On 27 August 2020, Ms Moore (the respondent) was riding her electric bicycle on a shared pathway. As she attempted to overtake two pedestrians after ringing her bell and by manoeuvring to the right side of the pathway after the pedestrians moved to the left, she noticed a metal bollard on the path. Ms Moore tried to avoid hitting the pedestrians and the bollard but veered off the path, lost control, fell off her bicycle and injured her hip.
There had previously been two bollards on the pathway. However, one bollard had been damaged and removed approximately four years prior. A report commissioned by the Ballina Shire Council (the appellant), six months before the incident, suggested the single bollard was of no utility in slowing down cyclists and posed a medium risk to cyclists.
Ms Moore brought personal injury proceedings against the Council in the District Court of New South Wales at Lismore (the primary action) alleging the Council had breached its duty of care by failing to remove the single remaining bollard from the shared pathway. The primary judge found in favour of Ms Moore and awarded her $193,531.39 in damages, while refusing to find contributory negligence on the part of the Council.
Council appealed the findings that it had breached its duty of care in failing to remove the second bollard, that any breach of duty caused Ms Moore's incident and, if it were found liable, there was no contributory negligence on the part of Ms Moore (the appeal).
Their Honours were asked to consider whether Council had breached its duty of care to Ms Moore, namely in failing to remove the remaining bollard, as well as whether the Ms Moore had been contributorily negligent.
Their Honours noted a shared pathway contained many hazards for cyclists, especially avoiding pedestrians and other cyclists, and that it was self-evident that a cyclist must expect indecision on the part of a pedestrian, particularly when the cyclist is approaching pedestrians from behind because they must ring a bell to draw attention to their presence.
Their Honours held that even on the assumption that two bollards had social utility, but one bollard did not, it does not follow that one bollard constituted an unreasonable 'hazard' requiring removal in the exercise of reasonable care for the safety of cyclists using the pathway. As such, it was held that Ms Moore did not establish that the Council had failed to take reasonable care for her safety in failing to remove the bollard.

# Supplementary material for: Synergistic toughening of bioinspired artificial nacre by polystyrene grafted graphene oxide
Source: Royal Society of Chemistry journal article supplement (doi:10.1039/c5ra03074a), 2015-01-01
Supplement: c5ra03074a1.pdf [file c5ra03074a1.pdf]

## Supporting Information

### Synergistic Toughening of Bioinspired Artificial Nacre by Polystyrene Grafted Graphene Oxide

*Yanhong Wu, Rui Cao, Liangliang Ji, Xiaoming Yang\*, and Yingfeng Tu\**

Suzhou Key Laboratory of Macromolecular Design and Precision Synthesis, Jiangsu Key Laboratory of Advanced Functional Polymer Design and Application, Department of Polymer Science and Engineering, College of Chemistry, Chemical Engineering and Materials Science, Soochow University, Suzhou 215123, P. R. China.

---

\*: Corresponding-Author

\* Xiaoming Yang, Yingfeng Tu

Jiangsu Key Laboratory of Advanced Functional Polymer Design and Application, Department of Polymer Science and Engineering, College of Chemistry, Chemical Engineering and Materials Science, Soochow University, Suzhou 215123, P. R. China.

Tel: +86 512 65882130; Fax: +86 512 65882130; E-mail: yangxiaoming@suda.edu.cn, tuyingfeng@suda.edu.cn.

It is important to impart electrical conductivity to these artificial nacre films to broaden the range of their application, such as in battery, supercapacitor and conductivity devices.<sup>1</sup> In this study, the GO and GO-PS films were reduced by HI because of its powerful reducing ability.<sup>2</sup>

As to the issue of contributory negligence, their Honours chose not to interfere with the primary judge's conclusion as to the absence of same, commenting that no purpose was served by addressing this issue in the absence of a finding as to the liability of the Council and that it did not follow that Ms Moore failed to take reasonable care for her own safety in that absence.
The appeal was allowed setting aside the orders of the primary judge and it was ordered that Ms Moore's claim be dismissed, and she be required to pay the Council's costs of the primary action and the appeal.
- The possibility of a cyclist suffering injury by colliding, or attempting to avoid a collision, with a bollard on a shared pathway (which is placed in its position to slow down cyclists), is foreseeable and considered a risk of harm that's within the actual knowledge of a public authority.
- However, even on the assumption that two bollards had social utility in slowing down cyclists but one bollard did not, it does not follow that one bollard constituted an unreasonable 'hazard' such that reasonable care required its removal.
- It does not follow from the fact that a defendant is not liable that a plaintiff has failed to take reasonable care for their own safety; accidents frequently occur where parties fail to take reasonable care.
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